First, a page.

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Ice King 2018


Distributed by Film Movement
Produced by James Erskine and Victoria Gregory
Directed by James Erskine
Streaming Media, 89 mins

College - General Adult
Homosexuality; Olympics; Sports

Date Entered: 12/09/2019

Reviewed by Ciara Healy, Librarian for Psychology and Neuroscience, Duke University

"The life of a competitive figure skater is that of a monk... You live, breathe and die alone" - John Curry

"I wanted to be a dancer; I was allowed to skate. Because it was a sport, they thought it was OK." - John Curry

Curry combined the beauty of dance with the athleticism of skating and his talent came at a personal cost. Born in 1956 in Birmingham, John's early ambition was to take ballet lessons and his father forbid it. Even after beginning as a skater, he considered it "dancing on ice".

His father was consistently disapproving, and his solace was ice skating alone. As he became a young man, his physicality was reined in; it was suggested that he look less graceful and do fewer spirals. His overriding ambition was to bring theatricality and dance to ice skating, and he spent his early career between the UK and New York City.

Interspersed with archival footage of anti-homosexual propaganda and scare tactics, it is made clear in the first 10 minutes of the film that Curry's gender expression and skating style were indicative of homosexuality, despite ice skating being a sport.

Much of the film is told from many perspectives, from his first lover, Heinz Wirz, to many of the skaters in his skating company, and his family members as well as news reports and archival footage of his Olympic and theatrical performances on ice.

Curry's father committed suicide and while it was difficult for him to come to terms with, it was also a kind of liberation for John. He was active in the London gay scene. In 1970, while training in Switzerland his coach characterized his skating as "too soft" and stated "You will skate like a man." The only way to validate his style and form was to win the Olympics.

In Colorado in 1974 Curry was very happy to train in Colorado, under the patronage of his sponsor, the wealthy Ed Mosler. Curry was able to focus his entire attention on training, to get better coaching, and equipment to train off skates. The coach, Fassi, focused on Curry's figures, form and mental training with EST. He conquered his performance anxieties and engaged in visualizations.

He won the silver medal the 1975 European Championships. In the 1976 European championships, Eastern Bloc judges outnumbered the Western judges and in a heightened political atmosphere, the Czechoslovakian judge broke with the Bloc and scored John highly. He won the gold medal and captained the 1976 UK Olympic Men's team. His program and form were beautiful, and he was appreciated for his artistry. John won the Olympic gold medal that year with a balance between artistry and athleticism.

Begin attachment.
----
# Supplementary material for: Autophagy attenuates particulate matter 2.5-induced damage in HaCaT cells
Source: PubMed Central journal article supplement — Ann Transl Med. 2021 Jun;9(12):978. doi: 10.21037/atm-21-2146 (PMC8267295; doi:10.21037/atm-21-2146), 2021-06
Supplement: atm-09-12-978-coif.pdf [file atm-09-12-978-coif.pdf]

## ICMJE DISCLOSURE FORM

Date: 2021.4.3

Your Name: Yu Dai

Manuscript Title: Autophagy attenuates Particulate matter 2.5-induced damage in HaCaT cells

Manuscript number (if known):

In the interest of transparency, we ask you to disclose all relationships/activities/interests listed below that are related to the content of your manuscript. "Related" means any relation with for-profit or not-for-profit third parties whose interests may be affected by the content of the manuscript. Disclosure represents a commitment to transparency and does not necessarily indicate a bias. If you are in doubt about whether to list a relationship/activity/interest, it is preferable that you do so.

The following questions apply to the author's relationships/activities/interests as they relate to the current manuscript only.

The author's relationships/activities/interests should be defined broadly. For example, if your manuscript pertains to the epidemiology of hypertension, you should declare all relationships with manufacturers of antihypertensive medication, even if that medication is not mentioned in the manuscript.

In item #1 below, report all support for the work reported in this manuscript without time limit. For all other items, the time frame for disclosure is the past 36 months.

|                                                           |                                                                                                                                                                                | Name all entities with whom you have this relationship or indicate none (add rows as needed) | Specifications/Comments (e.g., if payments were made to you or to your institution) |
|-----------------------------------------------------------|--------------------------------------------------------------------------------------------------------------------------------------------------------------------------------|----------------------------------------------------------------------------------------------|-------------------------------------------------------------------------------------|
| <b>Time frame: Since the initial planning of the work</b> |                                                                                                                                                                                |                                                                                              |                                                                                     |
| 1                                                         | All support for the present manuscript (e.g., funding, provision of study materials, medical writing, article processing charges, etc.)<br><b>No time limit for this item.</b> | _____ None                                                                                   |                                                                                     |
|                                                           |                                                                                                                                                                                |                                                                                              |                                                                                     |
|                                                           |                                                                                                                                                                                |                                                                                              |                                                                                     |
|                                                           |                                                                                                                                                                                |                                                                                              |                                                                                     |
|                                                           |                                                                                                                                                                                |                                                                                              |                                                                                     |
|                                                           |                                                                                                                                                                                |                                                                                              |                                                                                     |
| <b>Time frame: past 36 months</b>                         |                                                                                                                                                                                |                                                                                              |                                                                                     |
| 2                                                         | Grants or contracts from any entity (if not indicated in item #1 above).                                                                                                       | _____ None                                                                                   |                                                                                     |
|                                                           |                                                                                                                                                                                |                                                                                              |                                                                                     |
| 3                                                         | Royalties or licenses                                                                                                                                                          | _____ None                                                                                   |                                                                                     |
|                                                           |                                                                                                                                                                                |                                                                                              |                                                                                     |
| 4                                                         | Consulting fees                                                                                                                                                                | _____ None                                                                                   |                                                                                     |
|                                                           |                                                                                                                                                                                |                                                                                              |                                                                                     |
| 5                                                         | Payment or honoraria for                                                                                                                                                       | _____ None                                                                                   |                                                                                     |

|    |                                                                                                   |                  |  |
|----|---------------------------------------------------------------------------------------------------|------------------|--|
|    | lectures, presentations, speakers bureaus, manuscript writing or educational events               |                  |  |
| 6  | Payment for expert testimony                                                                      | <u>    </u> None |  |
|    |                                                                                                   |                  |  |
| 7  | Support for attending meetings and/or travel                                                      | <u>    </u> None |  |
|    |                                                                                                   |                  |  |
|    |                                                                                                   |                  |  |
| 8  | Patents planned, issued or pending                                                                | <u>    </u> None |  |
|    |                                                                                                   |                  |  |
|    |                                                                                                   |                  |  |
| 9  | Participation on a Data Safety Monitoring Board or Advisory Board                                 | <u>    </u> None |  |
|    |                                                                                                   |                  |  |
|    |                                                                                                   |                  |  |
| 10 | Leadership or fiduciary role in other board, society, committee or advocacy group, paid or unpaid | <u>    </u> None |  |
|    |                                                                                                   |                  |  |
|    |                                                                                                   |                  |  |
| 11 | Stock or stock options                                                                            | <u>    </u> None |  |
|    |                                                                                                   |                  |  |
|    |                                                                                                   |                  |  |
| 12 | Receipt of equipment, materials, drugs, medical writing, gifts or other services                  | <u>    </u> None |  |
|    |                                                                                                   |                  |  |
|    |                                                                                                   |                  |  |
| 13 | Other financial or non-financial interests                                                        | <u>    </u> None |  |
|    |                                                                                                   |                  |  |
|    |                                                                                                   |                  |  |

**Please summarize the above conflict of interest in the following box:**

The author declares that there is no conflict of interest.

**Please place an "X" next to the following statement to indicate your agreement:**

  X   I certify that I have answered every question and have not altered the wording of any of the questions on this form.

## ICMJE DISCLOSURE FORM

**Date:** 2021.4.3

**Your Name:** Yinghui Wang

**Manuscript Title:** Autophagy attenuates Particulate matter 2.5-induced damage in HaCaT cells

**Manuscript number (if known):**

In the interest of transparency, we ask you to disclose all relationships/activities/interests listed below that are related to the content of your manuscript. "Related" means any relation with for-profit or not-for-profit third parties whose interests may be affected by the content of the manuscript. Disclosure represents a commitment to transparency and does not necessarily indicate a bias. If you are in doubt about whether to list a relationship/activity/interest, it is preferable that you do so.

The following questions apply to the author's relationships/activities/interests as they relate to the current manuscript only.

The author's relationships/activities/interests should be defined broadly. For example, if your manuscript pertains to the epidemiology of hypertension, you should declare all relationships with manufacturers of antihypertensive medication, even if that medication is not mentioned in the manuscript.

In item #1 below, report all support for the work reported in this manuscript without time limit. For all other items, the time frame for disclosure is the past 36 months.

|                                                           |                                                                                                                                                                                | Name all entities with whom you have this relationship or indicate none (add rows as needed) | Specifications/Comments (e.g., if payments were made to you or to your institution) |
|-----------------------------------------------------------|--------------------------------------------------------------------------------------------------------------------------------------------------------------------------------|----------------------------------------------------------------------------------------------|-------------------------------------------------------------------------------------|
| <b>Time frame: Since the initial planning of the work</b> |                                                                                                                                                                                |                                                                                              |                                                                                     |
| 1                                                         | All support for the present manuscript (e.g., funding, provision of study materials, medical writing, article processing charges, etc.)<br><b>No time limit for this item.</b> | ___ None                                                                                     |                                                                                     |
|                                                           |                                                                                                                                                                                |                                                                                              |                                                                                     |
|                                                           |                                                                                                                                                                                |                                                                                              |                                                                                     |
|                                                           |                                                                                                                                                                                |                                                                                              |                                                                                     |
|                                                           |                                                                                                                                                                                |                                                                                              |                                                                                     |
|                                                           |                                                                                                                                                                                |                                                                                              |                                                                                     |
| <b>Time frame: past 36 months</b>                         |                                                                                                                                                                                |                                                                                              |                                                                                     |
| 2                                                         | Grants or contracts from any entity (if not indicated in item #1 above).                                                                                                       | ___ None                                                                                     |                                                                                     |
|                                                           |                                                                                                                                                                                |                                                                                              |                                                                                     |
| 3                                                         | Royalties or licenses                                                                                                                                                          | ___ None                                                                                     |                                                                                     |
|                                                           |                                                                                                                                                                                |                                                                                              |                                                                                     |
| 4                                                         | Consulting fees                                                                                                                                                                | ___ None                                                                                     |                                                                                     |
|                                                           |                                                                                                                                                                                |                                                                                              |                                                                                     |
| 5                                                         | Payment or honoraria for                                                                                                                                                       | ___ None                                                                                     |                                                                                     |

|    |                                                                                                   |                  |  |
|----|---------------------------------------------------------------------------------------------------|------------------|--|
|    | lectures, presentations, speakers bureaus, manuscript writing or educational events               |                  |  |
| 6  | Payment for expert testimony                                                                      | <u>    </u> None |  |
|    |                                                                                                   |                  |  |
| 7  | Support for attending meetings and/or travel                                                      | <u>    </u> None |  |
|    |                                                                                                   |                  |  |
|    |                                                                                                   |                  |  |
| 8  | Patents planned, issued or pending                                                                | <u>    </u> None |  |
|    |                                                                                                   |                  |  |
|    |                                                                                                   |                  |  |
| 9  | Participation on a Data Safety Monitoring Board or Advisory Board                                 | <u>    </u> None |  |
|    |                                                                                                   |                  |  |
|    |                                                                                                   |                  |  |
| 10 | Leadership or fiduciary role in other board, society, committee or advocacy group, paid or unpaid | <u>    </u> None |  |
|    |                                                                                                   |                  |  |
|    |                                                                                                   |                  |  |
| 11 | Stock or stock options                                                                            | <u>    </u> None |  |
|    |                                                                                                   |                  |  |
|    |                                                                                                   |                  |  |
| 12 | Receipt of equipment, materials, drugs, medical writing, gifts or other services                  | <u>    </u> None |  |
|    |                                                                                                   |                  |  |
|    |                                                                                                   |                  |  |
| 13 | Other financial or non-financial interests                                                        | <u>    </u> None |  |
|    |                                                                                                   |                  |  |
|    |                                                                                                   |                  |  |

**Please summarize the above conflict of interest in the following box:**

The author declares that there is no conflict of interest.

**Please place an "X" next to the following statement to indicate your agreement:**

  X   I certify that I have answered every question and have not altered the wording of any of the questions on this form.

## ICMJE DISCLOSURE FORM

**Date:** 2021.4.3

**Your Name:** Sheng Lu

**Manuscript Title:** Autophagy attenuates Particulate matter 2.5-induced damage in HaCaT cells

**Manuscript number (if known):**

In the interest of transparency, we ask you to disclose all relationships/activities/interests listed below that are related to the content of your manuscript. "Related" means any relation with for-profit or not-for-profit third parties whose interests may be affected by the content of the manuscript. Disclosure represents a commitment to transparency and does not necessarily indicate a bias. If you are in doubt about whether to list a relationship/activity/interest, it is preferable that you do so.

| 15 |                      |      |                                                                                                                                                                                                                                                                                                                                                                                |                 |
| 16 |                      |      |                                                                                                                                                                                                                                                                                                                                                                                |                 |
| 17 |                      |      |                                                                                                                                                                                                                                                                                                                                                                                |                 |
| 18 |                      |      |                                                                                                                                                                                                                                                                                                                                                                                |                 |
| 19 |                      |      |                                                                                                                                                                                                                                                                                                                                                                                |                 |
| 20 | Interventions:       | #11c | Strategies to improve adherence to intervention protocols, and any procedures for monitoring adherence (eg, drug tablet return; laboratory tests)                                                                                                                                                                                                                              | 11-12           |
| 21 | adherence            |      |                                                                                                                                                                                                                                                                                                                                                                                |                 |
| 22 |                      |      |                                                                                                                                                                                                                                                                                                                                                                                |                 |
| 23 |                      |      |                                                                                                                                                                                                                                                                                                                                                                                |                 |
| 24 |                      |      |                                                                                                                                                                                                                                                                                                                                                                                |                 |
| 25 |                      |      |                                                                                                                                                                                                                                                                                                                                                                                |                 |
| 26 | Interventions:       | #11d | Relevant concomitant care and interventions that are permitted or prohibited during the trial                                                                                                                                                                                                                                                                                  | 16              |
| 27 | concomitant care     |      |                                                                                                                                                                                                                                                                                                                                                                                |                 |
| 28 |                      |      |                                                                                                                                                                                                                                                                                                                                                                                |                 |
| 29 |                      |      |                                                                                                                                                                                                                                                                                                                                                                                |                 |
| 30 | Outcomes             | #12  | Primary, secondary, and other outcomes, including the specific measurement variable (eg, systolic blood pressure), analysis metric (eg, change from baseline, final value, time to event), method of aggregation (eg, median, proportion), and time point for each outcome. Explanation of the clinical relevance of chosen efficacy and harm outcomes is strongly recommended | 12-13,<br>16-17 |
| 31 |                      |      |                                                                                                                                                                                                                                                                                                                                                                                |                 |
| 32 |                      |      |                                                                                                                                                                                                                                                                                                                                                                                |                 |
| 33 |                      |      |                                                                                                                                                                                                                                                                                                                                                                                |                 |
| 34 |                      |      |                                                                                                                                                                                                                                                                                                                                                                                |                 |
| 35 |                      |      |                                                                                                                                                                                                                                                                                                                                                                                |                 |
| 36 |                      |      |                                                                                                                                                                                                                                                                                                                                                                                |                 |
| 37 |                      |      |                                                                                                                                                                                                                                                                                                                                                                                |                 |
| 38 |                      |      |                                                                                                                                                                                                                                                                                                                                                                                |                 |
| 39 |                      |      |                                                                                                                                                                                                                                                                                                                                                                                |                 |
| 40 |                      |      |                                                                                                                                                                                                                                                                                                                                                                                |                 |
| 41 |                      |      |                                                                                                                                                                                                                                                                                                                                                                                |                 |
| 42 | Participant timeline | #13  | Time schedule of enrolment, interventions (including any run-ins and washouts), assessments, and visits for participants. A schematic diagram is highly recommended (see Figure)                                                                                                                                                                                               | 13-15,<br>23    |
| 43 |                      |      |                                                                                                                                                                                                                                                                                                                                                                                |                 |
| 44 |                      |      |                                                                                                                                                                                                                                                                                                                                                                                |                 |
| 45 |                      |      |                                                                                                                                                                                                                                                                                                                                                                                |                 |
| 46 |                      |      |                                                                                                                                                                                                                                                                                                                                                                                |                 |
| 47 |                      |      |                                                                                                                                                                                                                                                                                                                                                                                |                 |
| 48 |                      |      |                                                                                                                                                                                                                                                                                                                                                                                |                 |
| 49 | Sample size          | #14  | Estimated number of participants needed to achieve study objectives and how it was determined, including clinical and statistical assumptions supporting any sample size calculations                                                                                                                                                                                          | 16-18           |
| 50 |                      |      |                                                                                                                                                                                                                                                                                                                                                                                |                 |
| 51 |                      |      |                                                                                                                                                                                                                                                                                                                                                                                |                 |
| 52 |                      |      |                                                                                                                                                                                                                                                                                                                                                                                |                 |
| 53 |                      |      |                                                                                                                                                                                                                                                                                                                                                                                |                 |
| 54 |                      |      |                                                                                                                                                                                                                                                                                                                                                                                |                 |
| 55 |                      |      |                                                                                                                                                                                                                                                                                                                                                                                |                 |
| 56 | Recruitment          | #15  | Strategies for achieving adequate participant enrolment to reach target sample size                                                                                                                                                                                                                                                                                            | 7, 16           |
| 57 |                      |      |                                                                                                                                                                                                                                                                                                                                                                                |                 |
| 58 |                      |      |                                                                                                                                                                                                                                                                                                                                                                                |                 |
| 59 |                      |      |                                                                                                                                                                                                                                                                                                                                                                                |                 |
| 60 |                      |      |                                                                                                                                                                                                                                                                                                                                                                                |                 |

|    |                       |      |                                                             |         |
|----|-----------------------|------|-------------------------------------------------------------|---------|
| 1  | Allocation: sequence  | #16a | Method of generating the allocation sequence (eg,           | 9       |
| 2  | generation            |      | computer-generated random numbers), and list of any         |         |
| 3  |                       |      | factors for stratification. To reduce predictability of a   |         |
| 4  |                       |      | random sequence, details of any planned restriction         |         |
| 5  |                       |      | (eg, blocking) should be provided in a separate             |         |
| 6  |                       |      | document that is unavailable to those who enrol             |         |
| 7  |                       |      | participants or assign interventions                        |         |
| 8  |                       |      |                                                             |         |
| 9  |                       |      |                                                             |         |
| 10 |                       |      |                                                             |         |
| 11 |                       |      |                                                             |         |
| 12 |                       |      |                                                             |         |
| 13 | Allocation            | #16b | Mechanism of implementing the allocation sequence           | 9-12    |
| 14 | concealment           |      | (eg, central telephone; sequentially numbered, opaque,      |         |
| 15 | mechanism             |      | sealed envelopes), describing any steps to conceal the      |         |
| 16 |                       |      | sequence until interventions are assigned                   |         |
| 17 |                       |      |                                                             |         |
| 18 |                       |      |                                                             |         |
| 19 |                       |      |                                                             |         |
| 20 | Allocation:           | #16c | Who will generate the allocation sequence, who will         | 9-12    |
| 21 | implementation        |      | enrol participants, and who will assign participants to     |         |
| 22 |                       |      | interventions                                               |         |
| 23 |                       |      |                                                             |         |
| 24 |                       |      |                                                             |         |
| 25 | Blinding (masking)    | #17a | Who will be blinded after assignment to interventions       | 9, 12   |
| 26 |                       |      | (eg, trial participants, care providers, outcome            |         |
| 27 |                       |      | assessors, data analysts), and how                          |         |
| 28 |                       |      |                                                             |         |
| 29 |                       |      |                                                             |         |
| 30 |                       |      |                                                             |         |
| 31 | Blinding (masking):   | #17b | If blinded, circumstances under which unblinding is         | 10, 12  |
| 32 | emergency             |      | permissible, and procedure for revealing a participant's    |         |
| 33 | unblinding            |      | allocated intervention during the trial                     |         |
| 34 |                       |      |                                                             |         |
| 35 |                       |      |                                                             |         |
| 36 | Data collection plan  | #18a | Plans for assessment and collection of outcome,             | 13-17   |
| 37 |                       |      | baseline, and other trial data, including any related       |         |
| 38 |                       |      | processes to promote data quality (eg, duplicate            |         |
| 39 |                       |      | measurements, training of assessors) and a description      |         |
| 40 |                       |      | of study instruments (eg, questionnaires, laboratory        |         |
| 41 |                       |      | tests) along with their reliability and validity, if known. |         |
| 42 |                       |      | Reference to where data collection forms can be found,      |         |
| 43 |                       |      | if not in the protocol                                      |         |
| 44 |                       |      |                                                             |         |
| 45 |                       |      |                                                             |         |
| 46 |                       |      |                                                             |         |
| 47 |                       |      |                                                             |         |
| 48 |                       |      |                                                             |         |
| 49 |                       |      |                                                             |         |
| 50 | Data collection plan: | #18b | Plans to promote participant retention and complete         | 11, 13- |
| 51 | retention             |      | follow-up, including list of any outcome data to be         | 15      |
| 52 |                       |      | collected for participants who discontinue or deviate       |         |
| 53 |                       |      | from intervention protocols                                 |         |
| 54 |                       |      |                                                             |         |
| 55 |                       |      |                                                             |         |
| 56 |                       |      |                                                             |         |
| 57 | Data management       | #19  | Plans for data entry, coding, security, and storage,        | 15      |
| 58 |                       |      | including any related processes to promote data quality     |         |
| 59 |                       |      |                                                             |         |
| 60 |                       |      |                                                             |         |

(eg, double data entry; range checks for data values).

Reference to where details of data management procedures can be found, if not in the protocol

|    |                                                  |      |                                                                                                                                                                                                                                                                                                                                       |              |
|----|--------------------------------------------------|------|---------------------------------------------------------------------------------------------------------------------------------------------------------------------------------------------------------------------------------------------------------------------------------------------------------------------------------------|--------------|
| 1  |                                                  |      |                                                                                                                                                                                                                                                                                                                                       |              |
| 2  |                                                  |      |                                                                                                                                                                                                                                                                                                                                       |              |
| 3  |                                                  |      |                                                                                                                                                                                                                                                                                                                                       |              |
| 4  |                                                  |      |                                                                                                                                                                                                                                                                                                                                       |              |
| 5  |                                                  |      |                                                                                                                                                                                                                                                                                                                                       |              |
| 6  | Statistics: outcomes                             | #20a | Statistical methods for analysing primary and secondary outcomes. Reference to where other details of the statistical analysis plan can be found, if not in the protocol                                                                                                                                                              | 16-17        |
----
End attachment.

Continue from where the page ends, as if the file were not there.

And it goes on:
His gold medal receded in importance in the media given that his sexuality was moving to the fore as an aspect of his skating and his career. He was somewhat naive in thinking that coming out to a journalist was "off the record" assuming it would not be printed. He did not intentionally come out. None the less, it was published and newsworthy in Olympic sports coverage that year. Surprisingly, a wave of British support attended his outing by the media. He was given the Sports Personality of the Year and was the guest of honor at the Awards for Valor in Sports. Even his mother was kind and understanding about his homosexuality.

After his Olympic win, Curry and some of his fellow skaters formed a dance company - a ballet on ice - that performed in theaters as a "skating company" similar to a dance company, called a Theatre of Skating. His vision of a skating company was very theatrical, balletic and well-choreographed. Finally, he combined his dance and his skating prowess in an artistic, choreographed and fully expressive way. In 1978, Curry moved to NYC to go on tour with his company. New York performances were well received, and he was a hit on the NY gay social scene. However, his company faltered financially, and he became lonely and depressed. Among his company, he was viewed as rigorous, cutting, and demanding. Members of his company, particularly during a performance in Japan, noted Curry's misery and seeming depression. Curry admitted to having demons, despair, melancholy.

Curry's Symphony on Ice premiered at London's Albert Hall. The company was in debt again in 1984 despite performing at the Met in NYC. With that opening performance, he achieved what he set out to achieve on ice – and the audience was astonished and appreciative. After that performance, he was crying and wanted to quit the company; he was in debt again and faltering. He no longer wanted to perform, his body was wrecked and "the spirit had gone," according to the show’s producer Elva Corrie. The last performance for the company was in Denmark in 1984.

In 1984 Curry returned to the UK broke and confided to Heinz Wirz that he was HIV positive. In 1990 he skated again, for the last time, for an event called the Next Ice Age. As a skater, he finished his career on a high note, as his performance was about happiness, friendship and joy.